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Selanne wishes hockey wasn’t so structured these days

May 12, 2014, 4:23 PM EDT

Ryan Getzlaf, Teemu Selanne, Corey Perry AP

When Teemu Selanne entered the NHL, way back in 1992 as a rookie with the Winnipeg Jets, not only did he score a whopping 76 times, he played in a league where 15 of the 24 teams cracked the 300-goal mark during the 84-game regular season.

In fairly stark contrast, Selanne’s current team, the Anaheim Ducks, led the NHL in 2013-14, scoring a relatively paltry 263 times in 82 games.

Not surprisingly, the 43-year-old kinda misses the old days.

From TSN’s Mark Masters:

Of course, the notion that the NHL is over-coached nowadays is nothing new. Where people disagree is if it’s a problem. Some are just fine with a series like the Ducks-Kings one, which Selanne says is now “all about grinding”; others think the NHL should do more to encourage scoring and scoring chances.

One thing’s for sure — NHL coaches aren’t going anywhere, so it’s up to the league to decide if the relative dearth of goals (compared to back in the day) is a problem that’s worth addressing.

  1. 950003cups - May 12, 2014 at 4:58 PM

    I always thought they OPENED UP the scoring. Isn’t that why there’s no more “Two Line Pass” rule?if Gretzky didn’t have the two line pass rule, he’d have scored even more than he already did.

    • c9castine - May 13, 2014 at 12:38 AM

      they did through the rules but strategy and the way coaches teach these days shuts everything down. its a pretty spot on observation – there is a lot of preparation on team by team basis and defenses are so well structured from the neutral zone in.

      its why a fast explosive offensive team like the penguins was dominant in the late 2000s as teams were scrambling to adjust and not so much now.

  2. guerillamilitia - May 12, 2014 at 4:59 PM

    as an NFL fan who can’t stand to watch the product they put on the field any longer… it seems hockey is destined for the same outcome.

    the sad part is ; i just got into hockey this year and found it to be much more intense than the NFL is today. i can only imagine if i started watching 30 years ago. i’d probably be singing the same tune.

  3. m1k3g - May 12, 2014 at 5:02 PM

    Damn we are all going to miss this guy when he’s gone.

    • imleftcoast - May 12, 2014 at 5:10 PM

      Agree with Selanne. Darryl Sutter should retire instead.

  4. tdrusher225 - May 12, 2014 at 5:18 PM

    Gotta love Temmu. As far as changing the game, I like the idea of bigger nets. Like Babcock said, ““By refusing to change you are changing. Purists would say you can’t do it because you’re changing the game but by not changing you are changing the game.” You want to open up the game? Give shooters a better chance to score from a distance and then offenses and defenses won’t have to crash/cover the net as much. Just my two cents.

    • pjblake2redwings - May 12, 2014 at 5:30 PM

      this isnt soccer. bigger nets is stupid

      • cyggyx1 - May 12, 2014 at 6:49 PM

        Considering Goaltenders aren’t tiny like Darren Pang and are getting bigger by the year, say 6 inches all around wouldn’t be a bad idea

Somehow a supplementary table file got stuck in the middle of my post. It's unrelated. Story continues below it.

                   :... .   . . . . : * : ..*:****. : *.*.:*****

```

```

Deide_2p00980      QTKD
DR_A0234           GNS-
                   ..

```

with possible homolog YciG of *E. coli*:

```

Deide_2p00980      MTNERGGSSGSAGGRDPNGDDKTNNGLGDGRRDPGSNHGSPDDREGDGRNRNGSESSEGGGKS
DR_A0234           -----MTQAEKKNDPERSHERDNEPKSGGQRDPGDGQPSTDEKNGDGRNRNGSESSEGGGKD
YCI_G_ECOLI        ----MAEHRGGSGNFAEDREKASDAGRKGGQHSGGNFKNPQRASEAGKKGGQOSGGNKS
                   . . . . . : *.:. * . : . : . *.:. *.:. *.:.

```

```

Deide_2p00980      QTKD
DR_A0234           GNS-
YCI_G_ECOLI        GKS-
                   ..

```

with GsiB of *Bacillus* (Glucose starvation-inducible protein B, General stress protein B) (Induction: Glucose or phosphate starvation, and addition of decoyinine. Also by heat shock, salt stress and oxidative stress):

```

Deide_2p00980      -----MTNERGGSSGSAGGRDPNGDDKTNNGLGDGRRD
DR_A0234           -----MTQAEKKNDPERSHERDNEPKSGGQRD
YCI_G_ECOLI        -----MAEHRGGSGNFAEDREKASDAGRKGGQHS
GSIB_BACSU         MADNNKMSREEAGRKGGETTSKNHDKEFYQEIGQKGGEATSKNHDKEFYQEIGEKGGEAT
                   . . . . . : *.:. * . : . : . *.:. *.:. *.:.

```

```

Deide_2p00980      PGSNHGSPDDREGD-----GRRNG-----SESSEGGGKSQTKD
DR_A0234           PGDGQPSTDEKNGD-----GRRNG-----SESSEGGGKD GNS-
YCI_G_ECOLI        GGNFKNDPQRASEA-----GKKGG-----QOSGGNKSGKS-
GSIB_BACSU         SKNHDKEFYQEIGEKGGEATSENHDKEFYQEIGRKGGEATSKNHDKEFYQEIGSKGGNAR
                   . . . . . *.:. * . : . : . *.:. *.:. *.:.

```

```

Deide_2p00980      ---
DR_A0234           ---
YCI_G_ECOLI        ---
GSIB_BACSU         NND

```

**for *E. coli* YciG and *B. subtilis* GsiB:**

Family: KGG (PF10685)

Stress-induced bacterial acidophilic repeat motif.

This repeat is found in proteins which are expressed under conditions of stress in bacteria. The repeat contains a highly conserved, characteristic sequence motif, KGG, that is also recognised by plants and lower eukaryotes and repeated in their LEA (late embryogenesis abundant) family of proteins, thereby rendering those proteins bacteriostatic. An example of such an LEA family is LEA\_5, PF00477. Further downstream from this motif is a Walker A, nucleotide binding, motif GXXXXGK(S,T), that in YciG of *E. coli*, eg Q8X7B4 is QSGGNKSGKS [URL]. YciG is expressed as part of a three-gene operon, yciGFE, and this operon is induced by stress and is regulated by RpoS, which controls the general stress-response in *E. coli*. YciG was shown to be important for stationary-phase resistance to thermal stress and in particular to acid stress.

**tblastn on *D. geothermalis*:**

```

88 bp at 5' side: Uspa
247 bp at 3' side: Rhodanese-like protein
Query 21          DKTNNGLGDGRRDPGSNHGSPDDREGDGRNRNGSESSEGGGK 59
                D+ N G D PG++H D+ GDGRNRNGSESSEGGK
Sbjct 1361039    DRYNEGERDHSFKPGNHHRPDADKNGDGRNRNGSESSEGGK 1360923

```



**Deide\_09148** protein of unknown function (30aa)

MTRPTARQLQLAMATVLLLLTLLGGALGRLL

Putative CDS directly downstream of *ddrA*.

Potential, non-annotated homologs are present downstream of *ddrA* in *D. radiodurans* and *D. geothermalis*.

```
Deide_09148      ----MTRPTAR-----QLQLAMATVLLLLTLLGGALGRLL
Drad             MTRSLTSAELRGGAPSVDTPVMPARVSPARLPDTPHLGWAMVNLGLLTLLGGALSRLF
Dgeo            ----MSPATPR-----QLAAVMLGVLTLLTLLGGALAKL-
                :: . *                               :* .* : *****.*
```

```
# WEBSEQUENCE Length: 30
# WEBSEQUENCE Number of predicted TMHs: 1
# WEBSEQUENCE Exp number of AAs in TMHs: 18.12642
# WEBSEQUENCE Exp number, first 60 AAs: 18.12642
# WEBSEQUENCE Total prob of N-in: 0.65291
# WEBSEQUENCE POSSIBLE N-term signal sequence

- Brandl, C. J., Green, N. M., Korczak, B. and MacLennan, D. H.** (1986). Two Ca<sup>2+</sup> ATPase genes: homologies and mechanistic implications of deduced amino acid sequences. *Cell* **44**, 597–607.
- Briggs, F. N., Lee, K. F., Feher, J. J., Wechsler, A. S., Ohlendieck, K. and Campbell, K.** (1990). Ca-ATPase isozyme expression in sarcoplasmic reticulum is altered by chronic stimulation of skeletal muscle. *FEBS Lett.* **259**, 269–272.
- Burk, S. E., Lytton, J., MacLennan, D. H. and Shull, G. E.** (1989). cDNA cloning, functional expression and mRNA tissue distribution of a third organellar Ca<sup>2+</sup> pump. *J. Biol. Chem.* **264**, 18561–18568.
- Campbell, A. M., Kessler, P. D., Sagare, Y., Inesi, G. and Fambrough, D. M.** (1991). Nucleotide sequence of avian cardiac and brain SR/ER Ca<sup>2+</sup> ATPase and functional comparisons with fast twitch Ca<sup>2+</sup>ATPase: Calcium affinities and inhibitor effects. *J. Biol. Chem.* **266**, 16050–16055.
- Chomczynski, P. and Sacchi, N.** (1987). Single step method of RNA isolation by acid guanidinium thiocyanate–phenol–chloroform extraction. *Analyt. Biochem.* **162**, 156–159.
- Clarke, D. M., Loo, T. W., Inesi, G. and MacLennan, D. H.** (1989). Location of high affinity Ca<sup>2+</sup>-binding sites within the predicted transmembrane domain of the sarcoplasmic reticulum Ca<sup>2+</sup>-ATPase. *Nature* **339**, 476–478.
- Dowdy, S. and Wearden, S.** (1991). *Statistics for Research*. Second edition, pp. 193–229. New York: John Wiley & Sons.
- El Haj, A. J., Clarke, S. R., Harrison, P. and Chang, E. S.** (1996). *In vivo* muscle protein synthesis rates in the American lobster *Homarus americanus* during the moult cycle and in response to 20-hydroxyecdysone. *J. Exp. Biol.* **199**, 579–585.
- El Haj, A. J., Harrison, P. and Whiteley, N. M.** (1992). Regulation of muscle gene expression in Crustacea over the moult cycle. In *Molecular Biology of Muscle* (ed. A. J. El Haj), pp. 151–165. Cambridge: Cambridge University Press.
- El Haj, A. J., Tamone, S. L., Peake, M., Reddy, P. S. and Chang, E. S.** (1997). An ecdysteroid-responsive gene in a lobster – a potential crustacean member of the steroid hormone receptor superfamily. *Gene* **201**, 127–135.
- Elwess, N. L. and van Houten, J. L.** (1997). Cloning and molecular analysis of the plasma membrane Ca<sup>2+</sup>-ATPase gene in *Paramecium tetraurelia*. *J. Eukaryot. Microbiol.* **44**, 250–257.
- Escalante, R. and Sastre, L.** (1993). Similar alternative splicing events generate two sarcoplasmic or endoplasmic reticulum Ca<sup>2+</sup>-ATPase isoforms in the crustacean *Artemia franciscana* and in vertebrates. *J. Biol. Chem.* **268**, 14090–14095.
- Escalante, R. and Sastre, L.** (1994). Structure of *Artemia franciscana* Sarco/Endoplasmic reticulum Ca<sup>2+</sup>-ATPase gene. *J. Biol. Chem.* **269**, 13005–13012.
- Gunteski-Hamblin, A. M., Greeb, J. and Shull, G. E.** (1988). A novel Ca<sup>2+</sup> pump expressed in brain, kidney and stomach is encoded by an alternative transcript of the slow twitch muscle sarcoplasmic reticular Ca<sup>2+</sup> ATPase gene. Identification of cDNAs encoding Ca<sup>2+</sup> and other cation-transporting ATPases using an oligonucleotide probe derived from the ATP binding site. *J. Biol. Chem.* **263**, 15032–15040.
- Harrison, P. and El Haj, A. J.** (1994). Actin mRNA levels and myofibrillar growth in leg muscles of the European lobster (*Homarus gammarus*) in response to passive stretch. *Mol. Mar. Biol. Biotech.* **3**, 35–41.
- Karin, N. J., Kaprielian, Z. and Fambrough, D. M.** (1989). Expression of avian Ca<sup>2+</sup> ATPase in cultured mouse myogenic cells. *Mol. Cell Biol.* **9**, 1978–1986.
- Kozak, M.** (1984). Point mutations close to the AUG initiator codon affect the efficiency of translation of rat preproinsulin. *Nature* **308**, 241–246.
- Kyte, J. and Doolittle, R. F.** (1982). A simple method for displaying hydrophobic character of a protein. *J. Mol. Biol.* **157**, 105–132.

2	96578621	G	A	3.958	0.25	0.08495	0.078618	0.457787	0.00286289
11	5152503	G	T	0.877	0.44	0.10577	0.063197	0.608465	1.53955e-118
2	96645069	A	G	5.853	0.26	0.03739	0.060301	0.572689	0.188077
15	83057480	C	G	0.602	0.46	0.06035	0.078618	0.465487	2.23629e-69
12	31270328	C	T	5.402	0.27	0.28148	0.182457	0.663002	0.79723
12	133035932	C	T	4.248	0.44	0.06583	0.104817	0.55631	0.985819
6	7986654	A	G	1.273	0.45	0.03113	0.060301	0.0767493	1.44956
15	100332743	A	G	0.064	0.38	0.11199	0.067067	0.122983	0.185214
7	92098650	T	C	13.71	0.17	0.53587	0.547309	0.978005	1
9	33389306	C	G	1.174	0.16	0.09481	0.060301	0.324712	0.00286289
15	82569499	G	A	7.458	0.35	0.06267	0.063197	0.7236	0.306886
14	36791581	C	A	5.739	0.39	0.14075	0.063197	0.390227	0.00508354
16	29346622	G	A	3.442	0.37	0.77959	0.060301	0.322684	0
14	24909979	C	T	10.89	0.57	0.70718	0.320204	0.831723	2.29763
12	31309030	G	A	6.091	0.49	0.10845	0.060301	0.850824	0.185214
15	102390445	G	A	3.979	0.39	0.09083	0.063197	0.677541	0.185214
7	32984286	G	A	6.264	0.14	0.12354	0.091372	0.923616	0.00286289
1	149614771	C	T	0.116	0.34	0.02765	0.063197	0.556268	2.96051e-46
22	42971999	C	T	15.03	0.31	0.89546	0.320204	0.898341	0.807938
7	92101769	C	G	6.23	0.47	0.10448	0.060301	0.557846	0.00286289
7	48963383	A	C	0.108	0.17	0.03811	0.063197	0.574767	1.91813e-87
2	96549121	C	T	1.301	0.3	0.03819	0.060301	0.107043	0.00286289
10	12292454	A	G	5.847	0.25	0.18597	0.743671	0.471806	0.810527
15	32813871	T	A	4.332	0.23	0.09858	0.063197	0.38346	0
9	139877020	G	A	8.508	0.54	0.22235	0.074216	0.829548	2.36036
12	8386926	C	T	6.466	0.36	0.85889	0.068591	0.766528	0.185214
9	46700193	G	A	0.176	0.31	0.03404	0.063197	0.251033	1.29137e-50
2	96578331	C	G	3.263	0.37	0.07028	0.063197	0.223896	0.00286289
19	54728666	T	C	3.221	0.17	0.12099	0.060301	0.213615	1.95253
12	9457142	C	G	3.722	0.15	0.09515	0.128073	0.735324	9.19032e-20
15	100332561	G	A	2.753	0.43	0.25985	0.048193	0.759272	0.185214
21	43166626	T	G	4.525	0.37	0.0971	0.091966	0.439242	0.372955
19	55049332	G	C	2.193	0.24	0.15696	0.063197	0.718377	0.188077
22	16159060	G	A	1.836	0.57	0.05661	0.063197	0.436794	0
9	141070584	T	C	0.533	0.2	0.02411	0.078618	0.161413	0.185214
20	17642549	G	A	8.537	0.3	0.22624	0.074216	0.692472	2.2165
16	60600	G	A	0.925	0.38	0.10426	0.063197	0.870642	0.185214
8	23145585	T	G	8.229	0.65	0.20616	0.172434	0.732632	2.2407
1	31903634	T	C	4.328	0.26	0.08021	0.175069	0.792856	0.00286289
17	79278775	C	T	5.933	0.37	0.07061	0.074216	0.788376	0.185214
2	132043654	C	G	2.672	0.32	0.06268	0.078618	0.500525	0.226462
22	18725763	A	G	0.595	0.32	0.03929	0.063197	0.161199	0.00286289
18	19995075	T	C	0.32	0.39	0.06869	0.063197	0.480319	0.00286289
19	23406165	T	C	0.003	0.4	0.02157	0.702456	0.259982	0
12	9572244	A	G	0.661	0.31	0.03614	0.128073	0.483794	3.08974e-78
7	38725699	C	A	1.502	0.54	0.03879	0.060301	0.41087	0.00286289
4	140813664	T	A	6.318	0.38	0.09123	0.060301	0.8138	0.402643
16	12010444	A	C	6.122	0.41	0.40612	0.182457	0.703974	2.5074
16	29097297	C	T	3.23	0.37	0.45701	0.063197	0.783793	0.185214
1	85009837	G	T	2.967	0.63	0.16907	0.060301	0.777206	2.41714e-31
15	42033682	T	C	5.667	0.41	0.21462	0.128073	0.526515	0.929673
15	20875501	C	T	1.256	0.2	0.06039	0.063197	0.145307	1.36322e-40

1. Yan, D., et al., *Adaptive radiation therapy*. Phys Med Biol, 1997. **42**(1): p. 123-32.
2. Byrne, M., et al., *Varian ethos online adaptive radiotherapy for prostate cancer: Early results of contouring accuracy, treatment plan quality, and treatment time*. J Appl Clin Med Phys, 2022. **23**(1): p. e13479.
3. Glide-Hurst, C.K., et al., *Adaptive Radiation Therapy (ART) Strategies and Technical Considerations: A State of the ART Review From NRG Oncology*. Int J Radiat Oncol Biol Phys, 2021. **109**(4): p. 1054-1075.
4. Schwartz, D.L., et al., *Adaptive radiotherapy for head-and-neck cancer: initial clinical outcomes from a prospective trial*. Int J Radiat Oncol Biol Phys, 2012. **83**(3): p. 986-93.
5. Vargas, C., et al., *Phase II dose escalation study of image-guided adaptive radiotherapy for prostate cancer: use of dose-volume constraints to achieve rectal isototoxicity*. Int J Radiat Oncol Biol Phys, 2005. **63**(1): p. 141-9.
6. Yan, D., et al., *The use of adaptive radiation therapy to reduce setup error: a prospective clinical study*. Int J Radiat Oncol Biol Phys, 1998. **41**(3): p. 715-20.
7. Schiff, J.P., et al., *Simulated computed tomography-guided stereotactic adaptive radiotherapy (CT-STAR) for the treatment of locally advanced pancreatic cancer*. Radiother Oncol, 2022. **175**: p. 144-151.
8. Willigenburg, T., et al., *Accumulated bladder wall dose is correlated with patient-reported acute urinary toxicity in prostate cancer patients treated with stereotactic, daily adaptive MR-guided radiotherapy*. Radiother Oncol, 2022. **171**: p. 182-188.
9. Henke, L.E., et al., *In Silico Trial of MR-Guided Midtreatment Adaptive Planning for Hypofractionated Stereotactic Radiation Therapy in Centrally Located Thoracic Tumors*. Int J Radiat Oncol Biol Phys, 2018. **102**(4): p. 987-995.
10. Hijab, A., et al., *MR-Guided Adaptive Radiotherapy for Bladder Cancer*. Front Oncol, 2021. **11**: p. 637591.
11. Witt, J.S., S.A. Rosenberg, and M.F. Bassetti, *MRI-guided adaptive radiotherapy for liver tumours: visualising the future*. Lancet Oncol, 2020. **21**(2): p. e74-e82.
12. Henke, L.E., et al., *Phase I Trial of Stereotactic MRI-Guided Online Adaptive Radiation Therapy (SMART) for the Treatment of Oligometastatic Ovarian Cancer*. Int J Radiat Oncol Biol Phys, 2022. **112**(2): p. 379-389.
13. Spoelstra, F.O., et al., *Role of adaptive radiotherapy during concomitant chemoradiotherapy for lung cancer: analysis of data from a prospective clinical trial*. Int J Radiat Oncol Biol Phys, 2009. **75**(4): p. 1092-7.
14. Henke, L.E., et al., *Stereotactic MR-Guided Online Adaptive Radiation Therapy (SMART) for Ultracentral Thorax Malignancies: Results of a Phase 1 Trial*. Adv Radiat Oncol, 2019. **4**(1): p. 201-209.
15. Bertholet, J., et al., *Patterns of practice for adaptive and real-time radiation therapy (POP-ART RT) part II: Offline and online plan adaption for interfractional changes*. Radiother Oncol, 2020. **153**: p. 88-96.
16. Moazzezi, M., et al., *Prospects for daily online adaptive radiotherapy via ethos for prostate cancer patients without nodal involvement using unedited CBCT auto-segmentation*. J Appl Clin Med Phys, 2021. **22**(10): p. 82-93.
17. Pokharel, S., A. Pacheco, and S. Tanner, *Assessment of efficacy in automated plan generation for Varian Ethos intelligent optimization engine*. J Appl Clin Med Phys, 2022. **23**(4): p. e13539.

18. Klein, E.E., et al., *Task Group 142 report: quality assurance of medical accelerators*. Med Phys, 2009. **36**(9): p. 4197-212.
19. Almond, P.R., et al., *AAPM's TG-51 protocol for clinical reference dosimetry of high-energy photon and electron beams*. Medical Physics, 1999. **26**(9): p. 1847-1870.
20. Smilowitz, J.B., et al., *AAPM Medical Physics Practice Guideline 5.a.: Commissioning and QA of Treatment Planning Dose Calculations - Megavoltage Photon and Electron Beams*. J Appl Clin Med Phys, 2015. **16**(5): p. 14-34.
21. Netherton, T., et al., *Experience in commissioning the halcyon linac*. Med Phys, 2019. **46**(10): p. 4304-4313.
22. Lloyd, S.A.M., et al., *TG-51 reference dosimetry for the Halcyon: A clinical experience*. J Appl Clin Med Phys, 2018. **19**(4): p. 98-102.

5. terrier92 - May 12, 2014 at 5:29 PM

    Both my kids played college hockey. For them it was a passion yet by the end they were glad to get away from the over controlling coaches. Now they are happily playing four nights a week in beer leagues and having a blast.

  6. gbart22 - May 12, 2014 at 5:39 PM

    I think the solution is easy. The players have gone from an average of 5’10 to over 6′ now goalies have gone from being 5’8 to 6’5 nowadays they just keep getting bigger with huge pads and the net has shrunk. Gretzky would not come close to putting up his numbers today. The net needs to be increased by a few inches. End of story.

    • stakex - May 12, 2014 at 7:29 PM

      Or perhaps a simpler, and less controversial, solution is that goalie equipment could be shrunk even more. Instead of taking a scalpel to the huge pads goalies wear, use a chainsaw. Much smaller pants, chest protector, leg pads, and gloves would likely lead to more scoring, without making a massive change to something that hasn’t been screwed with in over a century.

  7. piratehookerfrombootybay - May 12, 2014 at 7:40 PM

    Size is the biggest attribute to this. (and not the goalies) Then on top of their size they grab, clutch, slash, cross check like no other. There is so much interference its not even funny. One the ice needs to be Olympic size, that size of ice should be standard! second call all the BS that goes on. I have seen so many players leave their feet to make a check as well as alot of cross checks. Your how big and you have to put two hands on your stick a bash someone with it. Also they are ridiculous in font of their net most of the time the make it worse by hitting a player that has stopped in font of their net into their goalie. I’m all about protecting your goalie but a majority of the time it isn’t needed. The do it just to punish the player for getting to close. Play good clean hitting hockey not goon hockey! Thats what the nhl is goon hockey. The NHL is full of good goon type players with some Freaks mixed in. tighten up the goon play and give them more room and the goalies will get lit up again regardless of size!

  8. gmenfan1982 - May 12, 2014 at 8:07 PM